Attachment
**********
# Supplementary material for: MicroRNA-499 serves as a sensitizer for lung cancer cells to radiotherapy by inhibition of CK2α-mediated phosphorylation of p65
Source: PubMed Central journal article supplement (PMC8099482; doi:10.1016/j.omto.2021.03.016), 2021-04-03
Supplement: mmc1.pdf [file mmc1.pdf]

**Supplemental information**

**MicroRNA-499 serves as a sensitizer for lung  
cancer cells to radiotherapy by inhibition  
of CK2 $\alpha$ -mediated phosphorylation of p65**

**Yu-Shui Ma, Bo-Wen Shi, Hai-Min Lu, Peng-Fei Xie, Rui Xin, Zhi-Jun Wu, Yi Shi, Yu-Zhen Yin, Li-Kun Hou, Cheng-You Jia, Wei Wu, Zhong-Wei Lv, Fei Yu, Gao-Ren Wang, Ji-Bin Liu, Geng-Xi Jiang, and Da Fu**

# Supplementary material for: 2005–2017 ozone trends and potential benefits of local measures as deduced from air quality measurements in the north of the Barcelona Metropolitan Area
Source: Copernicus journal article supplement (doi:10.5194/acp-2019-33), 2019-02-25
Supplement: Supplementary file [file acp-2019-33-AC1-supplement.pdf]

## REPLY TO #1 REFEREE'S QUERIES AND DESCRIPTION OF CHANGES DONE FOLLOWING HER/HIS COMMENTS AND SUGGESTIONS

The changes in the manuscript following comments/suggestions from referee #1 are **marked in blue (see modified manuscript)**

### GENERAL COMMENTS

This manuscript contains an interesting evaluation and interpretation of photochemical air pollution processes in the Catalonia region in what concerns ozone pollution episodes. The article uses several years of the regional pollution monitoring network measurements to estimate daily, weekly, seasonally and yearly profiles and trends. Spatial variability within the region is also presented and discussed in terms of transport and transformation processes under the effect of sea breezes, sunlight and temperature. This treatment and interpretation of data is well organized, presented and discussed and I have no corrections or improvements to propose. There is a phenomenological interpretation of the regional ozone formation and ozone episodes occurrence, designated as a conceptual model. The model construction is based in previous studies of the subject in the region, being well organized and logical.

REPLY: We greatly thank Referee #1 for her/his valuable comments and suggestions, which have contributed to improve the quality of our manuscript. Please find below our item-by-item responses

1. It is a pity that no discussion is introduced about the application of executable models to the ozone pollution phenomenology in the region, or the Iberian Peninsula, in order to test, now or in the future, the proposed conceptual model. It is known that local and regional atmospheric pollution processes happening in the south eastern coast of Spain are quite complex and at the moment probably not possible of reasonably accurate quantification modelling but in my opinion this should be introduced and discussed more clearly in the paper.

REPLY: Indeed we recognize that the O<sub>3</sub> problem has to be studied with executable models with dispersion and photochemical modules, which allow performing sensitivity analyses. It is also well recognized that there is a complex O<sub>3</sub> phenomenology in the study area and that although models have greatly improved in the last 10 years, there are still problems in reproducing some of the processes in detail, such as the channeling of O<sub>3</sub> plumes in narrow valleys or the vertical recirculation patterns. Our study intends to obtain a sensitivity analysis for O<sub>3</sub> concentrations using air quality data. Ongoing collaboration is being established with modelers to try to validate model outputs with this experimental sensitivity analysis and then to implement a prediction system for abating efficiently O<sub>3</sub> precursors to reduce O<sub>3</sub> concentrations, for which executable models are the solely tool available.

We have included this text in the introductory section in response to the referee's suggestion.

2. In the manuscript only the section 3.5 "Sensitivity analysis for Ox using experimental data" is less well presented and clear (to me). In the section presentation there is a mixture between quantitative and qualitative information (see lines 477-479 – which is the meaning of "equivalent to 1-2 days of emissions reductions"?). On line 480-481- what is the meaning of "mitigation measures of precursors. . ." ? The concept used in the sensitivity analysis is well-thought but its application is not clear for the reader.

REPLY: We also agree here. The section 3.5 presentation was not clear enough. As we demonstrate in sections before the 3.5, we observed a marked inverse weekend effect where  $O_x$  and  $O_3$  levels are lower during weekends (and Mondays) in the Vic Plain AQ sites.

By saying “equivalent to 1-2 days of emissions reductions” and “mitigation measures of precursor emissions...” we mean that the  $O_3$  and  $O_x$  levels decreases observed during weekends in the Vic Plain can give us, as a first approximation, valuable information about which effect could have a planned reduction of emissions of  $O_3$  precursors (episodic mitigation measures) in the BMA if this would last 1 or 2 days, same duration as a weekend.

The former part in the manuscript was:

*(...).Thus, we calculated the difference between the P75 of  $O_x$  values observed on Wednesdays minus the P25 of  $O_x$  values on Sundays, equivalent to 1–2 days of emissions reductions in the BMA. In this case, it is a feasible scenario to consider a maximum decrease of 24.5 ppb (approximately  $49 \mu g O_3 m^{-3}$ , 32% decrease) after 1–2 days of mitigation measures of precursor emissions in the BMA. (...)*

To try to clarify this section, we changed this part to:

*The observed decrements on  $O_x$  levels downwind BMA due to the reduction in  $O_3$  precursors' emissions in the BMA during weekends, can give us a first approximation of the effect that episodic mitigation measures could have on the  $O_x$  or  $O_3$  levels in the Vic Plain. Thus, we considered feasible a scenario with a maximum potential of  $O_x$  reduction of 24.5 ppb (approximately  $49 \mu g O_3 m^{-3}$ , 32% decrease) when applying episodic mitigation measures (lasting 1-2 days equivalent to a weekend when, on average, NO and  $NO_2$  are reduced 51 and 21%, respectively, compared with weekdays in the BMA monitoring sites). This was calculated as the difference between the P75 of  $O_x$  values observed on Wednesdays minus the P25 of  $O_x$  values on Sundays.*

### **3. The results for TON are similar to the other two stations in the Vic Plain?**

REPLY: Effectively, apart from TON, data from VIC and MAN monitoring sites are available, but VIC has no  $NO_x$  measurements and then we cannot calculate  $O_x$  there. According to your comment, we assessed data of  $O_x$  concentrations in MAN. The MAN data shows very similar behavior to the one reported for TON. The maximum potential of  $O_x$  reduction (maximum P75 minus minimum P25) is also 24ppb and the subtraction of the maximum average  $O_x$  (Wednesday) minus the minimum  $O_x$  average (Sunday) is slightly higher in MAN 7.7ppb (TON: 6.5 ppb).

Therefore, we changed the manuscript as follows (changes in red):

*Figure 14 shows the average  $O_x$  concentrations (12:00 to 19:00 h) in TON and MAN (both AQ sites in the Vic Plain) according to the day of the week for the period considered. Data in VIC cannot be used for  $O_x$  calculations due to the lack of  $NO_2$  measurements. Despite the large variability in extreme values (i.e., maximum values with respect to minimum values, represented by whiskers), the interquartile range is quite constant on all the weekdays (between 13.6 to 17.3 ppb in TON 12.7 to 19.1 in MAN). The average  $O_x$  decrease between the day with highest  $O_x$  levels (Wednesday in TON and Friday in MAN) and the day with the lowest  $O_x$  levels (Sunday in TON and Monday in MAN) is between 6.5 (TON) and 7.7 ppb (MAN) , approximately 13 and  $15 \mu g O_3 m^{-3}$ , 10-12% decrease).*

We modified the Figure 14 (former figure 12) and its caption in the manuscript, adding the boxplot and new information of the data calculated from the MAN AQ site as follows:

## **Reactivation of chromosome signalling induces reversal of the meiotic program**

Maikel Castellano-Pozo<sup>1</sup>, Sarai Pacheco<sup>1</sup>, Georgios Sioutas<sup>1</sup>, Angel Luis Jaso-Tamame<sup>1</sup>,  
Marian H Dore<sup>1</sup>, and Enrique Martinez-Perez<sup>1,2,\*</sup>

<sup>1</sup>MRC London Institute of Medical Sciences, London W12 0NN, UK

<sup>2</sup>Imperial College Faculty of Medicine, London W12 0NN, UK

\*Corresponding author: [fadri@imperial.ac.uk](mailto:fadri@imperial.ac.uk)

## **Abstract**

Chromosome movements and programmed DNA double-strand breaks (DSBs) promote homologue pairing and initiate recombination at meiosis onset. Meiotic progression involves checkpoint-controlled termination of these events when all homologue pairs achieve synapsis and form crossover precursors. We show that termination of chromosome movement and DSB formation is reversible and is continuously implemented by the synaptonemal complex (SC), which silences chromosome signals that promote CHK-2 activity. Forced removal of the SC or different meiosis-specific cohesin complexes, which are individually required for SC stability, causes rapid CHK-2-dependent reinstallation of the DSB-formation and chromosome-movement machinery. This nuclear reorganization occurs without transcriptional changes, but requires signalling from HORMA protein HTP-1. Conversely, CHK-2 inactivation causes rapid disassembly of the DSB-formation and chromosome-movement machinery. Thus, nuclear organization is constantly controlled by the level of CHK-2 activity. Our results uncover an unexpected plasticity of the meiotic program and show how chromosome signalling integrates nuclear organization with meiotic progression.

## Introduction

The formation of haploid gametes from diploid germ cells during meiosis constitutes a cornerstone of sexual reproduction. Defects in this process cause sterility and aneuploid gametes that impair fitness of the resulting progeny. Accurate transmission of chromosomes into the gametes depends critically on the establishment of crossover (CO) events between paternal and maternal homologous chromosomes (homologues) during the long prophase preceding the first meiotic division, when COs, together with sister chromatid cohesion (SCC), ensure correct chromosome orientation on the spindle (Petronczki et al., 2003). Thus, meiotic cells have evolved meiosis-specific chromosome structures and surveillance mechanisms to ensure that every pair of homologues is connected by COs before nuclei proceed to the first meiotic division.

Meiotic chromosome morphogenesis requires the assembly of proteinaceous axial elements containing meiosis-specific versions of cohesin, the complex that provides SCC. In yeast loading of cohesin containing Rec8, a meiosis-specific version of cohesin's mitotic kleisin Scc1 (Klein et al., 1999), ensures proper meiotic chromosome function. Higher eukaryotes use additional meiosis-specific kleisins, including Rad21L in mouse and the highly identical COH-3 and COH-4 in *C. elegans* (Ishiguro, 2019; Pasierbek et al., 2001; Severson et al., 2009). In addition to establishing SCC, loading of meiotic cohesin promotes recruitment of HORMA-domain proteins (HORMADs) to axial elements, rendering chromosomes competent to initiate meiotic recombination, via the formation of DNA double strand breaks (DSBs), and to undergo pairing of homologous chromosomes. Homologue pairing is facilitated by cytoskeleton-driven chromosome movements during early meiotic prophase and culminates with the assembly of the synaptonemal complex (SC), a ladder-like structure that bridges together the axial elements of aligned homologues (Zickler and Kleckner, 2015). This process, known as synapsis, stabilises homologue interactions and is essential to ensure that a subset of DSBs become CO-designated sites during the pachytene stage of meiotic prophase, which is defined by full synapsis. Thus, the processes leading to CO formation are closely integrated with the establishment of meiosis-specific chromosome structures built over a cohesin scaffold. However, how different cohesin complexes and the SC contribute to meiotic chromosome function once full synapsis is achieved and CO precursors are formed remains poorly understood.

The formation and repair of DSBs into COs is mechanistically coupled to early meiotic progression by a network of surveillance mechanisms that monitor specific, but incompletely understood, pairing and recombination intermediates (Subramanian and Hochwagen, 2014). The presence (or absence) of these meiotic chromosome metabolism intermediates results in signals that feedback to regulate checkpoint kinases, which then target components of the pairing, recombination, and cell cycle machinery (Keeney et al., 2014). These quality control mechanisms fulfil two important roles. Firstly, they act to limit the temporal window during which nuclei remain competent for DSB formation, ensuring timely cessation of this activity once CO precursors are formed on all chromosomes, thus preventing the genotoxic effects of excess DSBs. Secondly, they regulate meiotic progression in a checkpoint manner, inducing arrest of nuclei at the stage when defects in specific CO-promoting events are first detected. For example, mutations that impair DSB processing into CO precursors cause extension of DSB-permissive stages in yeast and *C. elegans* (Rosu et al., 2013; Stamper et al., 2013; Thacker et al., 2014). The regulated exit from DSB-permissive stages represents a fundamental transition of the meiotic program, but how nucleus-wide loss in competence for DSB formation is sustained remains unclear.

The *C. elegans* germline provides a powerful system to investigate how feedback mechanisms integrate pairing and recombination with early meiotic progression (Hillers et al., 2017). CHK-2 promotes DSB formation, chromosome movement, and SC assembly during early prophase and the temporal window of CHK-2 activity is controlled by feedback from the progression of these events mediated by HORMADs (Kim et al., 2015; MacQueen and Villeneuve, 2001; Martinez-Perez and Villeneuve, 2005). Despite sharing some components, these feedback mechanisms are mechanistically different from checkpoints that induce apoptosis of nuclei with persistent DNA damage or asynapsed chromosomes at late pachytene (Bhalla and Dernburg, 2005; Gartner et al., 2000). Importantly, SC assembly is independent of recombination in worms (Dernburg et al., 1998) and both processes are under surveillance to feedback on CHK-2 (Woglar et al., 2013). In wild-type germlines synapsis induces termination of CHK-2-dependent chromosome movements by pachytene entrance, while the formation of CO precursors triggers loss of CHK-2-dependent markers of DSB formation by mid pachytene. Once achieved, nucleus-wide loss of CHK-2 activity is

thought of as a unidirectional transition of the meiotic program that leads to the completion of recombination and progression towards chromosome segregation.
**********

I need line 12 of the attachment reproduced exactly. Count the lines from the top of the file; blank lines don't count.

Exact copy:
## REPLY TO #1 REFEREE'S QUERIES AND DESCRIPTION OF CHANGES DONE FOLLOWING HER/HIS COMMENTS AND SUGGESTIONS